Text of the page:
Last week my wife and I walked on the beach in the little Michigan town where we met. It was a very special time, as we remembered how that meeting had grown into love and the discovery that God intended us to wed. This is what looking back to first love is supposed to be like. Yes, our love has changed as we’ve lived together. But the change has been one of growth and maturity. We are closer now. Yet remembering that early love still has the power to make us smile, and look at each other with even deeper affection. What a contrast we see here. God feels only pain when He looks back on His relationship with the people of Israel and Judah. The love of the bride who followed Him then has not simply faded. Despite all the blessings God poured out on His own (vv. 6–7), the people He loved had strayed far from Him, and “followed worthless idols.” Only a person who has been betrayed by a husband or wife he or she loved can understand the depth of God’s pain—or the seriousness of Judah’s sin. We need to look back on those days when we first came to know the Lord, and remember our first love for God. We may not feel exactly the same as we did then, or express our love in just the same way. But if we have grown in our relationship with the Lord, looking back and remembering can bring us that same feeling of renewed intimacy that my wife and I experienced in Michigan. And if remembering brings us no joy, we may take it as a warning from God to check and see if we have strayed. “My people have committed two sins” Jer. 2:10–37. This passage takes the form of a rib, or an indictment presented in court. God brought two serious charges against Judah. God’s people had forsaken Him, the “spring of living water.” It was water alone that made the Holy Land produce crops. Thus water was the one necessity Judah required for prosperity. Despite the fact that God was the one utter necessity in the life of His people, they “long ago broke off Your yoke and tore off Your bonds; [they] said, ’I will not serve You’ ” (v. 20). Judah’s even more serious sin was to dig “their own cisterns, broken cisterns that cannot hold water.” Cisterns were plastered underground pits where water was stored for use during the dry season. Here they represent the pagan gods to whom Judah turned. The twin choices to reject God and to turn to idolatry are inexplicable. No pagan nation ever changed its gods. Yet Judah abandoned the Lord. The closest thing to an explanation is given in verses 23–24. The people of Judah had behaved like a female camel in heat, in the grip of an uncontrollable urge. There is no rational explanation for anyone to reject God, much less to seek spiritual or other help elsewhere! Perhaps this is the message of this lament. Human beings are not “rational” in making choices. Rather we often find ourselves in the grip of sin, which expresses itself as an instinctive rejection of the one true God, and in a hunger that leads men to turn anywhere in search of substitutes. Only the grace of God can preserve any of us from the power of indwelling sin. Only the grace of God can help us remember His benefits, and honor the Lord as the one essential source of our well-being. “You have the brazen look of a prostitute” Jer. 3:1–13. These early messages of Jeremiah were given during the religious revival promoted by godly King Josiah. This reform is described in 2 Chronicles 34–35. Josiah repaired the temple and reinstituted worship there. When the lost book of Old Testament Law was found, Josiah called for national repentance. He held a Passover service that the people joyfully participated in, and did all he could to stamp out idolatry by desecrating places of pagan worship. Yet, as this chapter shows us, all his efforts failed to touch the hearts of the people of Judah. The failure is portrayed in Jeremiah’s reference to a specific Old Testament law. A person who divorced his wife might remarry, but could never marry the first wife again if either of them had been married to another in the interim. Judah, like a faithless wife, had abandoned her Husband, God, and gone on to join herself not to just one but a series of lovers. Even so God was willing to take faithless Judah back! And Judah seemed to come back. But the people of Judah treated the whole thing lightly. It was as if their spiritual unfaithfulness didn’t matter at all! Judah came back smirking, saying, “My Father, my friend from my youth.” These were words that a young wife often spoke to an older husband. But they were not appropriate for Judah to speak, as if she were still an innocent and had not rejected the Lord and turned to idols! And so God said through Jeremiah, “You have the brazen look of a prostitute; you refuse to blush with shame.” God’s grace is overwhelming. Even after we have been unfaithful to Him, He is willing to take us back. But we are to come as a penitent, deeply aware of our sin and bowed with shame. We are not to come brazenly, or lightly, as if our unfaithfulness to God had no significance at all. “Yes, we will come to you” Jer. 3:14–25. Jeremiah’s generation did not return to God. But the prophet looked ahead, and foresaw a day when God’s people would turn to Him again. In these verses he described what repentance and true return involve. There is a decision to return to God (v. 22b). There is a fresh grasp of the futility of past ways (vv. 23–24). And there is an overwhelming sense of shame, as the greatness of past sins overwhelms (v. 25). None of these marks of repentance were present in Judah. May they be found in our lives whenever we stray and then turn back again to the Lord. “The whole land will be ruined” Jer. 4:1–31. Despite God’s call to Judah to wash the evil from her heart, the people refused to heed. Jeremiah had no choice but to announce the judgment that must come because of “your own conduct and actions.” This is an important concept for us to grasp. God does not punish people without cause. It is our own actions, not God, that bring disaster on us. And what a disaster awaited Judah. Through His prophet the Lord said, “The whole land will be ruined, though I will not destroy it completely. Therefore the earth will mourn and the heavens above grow dark, because I have spoken and will not relent.” “They have lied about the Lord” Jer. 5:1–17. The particular lie that Jeremiah drew attention to challenged God’s justice and His power. Judah had been “utterly unfaithful” to God. Their spiritual adultery had been matched by their moral deterioration. They had abandoned morality, and acted like “well-fed, lusty stallions, each neighing for another man’s wife” (v. 8). They had abandoned justice: Jeremiah could not find “one person who deals honestly and seeks the truth” (v. 1). Despite this, Judah complacently said, “No harm will come to us” (v. 12). This is the lie that Jeremiah identified. They had said that God “will do nothing.” Let’s never forget that God is the moral judge of humanity. He not only can, but will act to judge sin. “Let us fear the Lord our God” Jer. 5:18–31. To fear God means to hold Him in awe: to take Him seriously. Here God reminded Judah of His greatness. He is the One who set the seas in their beds, and established the boundaries of the land. “Should you not tremble in My presence?” Today there are many in America who have no real awe of God. This is truly tragic. Yet the greatest tragedy of all is described by Jeremiah. “A horrible and shocking thing has happened in the land: The prophets prophesy lies, the priests rule by their own authority, and My people love it this way.” There may be little we can do to affect the secular tone of modern life. But what is most important is to retain our own awe of God, and to take His presence and His power seriously. We must constantly say to ourselves what the people of Judah refused to utter: “Let us fear the Lord our God.” “This city must be punished” Jer. 6:1–15. Judah refused to listen to God’s word. So now Jeremiah, using the authority God gave him over nations, commissioned Babylon to attack the Holy City. Because the word of the Lord was offensive to the people of Judah, the “city must be punished.” “Stand at the crossroads and look” Jer. 6:16–30. The invitation here is a call to consider. The “ancient paths” represent the ways laid down in God’s Law. These are good ways, for when a person walks in them he or she “will find rest for your souls.” Jeremiah now outlined the consequence of the only other choice available. One must either walk in the ancient paths, or strike out to find a new path for himself. Yet the new paths offer no one rest. Instead, as we peer with Jeremiah down that alternate highway, we see in the distance clouds of dust raised by marching men. We see the sun glinting on the points of spears, and hear the thunder of hooves as cavalry approach in battle formation. And suddenly we are gripped by fear, for we realize that along that road judgment rushes to meet us. How thankful we can be that we have chosen the good way, the ancient way, and that we walk in it.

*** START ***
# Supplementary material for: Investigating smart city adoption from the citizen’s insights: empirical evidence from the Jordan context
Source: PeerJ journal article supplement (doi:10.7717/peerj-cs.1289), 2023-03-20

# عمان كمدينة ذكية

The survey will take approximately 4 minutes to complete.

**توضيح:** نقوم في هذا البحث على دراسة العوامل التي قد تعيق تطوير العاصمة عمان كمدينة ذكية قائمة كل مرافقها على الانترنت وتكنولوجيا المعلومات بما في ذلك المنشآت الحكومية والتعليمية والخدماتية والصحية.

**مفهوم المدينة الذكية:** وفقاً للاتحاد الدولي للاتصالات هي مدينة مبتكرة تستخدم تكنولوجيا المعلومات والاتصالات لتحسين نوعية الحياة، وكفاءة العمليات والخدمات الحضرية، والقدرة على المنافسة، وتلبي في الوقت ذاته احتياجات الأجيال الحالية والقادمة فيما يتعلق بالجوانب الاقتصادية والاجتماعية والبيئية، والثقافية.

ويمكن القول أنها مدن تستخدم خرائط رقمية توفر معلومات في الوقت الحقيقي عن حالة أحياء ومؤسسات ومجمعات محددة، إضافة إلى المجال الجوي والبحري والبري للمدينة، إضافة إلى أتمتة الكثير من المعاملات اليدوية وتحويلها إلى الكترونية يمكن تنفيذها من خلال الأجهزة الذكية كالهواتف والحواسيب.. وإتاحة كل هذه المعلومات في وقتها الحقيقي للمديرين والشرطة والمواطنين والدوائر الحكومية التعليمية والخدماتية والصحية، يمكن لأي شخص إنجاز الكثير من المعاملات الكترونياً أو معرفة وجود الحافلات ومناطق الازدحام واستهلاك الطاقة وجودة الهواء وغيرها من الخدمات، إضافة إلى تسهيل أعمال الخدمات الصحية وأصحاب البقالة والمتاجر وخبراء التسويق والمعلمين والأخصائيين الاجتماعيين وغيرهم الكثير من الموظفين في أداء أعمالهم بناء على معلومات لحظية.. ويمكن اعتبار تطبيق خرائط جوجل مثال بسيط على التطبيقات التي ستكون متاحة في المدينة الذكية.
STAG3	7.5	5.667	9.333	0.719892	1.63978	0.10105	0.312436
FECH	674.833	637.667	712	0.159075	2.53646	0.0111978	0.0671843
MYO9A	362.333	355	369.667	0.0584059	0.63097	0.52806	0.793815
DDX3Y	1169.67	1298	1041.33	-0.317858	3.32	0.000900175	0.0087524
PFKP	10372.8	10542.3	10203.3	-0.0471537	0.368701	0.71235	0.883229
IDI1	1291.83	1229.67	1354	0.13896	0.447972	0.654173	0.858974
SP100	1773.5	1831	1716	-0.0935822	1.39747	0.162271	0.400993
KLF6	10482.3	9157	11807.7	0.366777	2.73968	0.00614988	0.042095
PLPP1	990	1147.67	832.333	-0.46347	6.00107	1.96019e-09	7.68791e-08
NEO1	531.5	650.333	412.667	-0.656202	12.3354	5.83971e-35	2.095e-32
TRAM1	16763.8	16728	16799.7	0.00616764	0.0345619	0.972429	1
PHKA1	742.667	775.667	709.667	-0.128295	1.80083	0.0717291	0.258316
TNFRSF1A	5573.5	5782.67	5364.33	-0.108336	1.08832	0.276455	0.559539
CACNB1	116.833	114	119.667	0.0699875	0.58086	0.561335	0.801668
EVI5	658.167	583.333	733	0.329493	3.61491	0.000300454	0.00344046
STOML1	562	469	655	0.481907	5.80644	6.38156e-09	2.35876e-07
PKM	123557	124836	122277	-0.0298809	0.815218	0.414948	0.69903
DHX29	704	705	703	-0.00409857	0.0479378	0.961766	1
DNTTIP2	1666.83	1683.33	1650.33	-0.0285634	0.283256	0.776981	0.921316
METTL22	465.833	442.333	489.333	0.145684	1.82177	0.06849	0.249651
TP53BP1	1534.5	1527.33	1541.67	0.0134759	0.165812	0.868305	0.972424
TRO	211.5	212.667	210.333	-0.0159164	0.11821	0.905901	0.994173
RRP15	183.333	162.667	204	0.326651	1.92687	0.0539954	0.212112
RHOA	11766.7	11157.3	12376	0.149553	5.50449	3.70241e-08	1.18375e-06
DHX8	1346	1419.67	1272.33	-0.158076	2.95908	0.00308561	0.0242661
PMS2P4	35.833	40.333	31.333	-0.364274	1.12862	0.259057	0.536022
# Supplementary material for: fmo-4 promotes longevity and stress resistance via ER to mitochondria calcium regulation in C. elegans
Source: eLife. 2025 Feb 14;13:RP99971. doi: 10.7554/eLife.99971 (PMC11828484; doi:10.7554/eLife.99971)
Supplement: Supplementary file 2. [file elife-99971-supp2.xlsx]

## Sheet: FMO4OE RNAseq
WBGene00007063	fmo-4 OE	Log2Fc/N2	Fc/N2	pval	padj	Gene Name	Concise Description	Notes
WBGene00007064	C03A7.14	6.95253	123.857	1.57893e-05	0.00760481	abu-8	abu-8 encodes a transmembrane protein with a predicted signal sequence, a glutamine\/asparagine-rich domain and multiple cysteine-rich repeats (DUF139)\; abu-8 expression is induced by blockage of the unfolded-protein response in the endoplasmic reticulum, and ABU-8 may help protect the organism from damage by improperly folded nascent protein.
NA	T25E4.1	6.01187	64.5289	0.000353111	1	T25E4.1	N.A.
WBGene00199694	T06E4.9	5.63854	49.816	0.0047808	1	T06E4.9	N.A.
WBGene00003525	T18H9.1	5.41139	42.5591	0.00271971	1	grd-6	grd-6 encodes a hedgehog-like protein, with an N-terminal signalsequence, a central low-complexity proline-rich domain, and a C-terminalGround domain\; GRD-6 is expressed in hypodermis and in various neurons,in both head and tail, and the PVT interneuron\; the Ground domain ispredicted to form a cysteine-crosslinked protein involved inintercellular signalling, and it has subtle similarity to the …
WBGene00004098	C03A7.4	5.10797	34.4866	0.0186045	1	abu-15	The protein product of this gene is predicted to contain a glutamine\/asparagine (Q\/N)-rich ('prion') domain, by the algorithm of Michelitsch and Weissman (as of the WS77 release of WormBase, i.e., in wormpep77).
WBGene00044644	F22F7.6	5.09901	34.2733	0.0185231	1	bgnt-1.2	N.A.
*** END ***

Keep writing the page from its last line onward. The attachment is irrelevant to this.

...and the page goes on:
With Compassion(Jer. 3–4)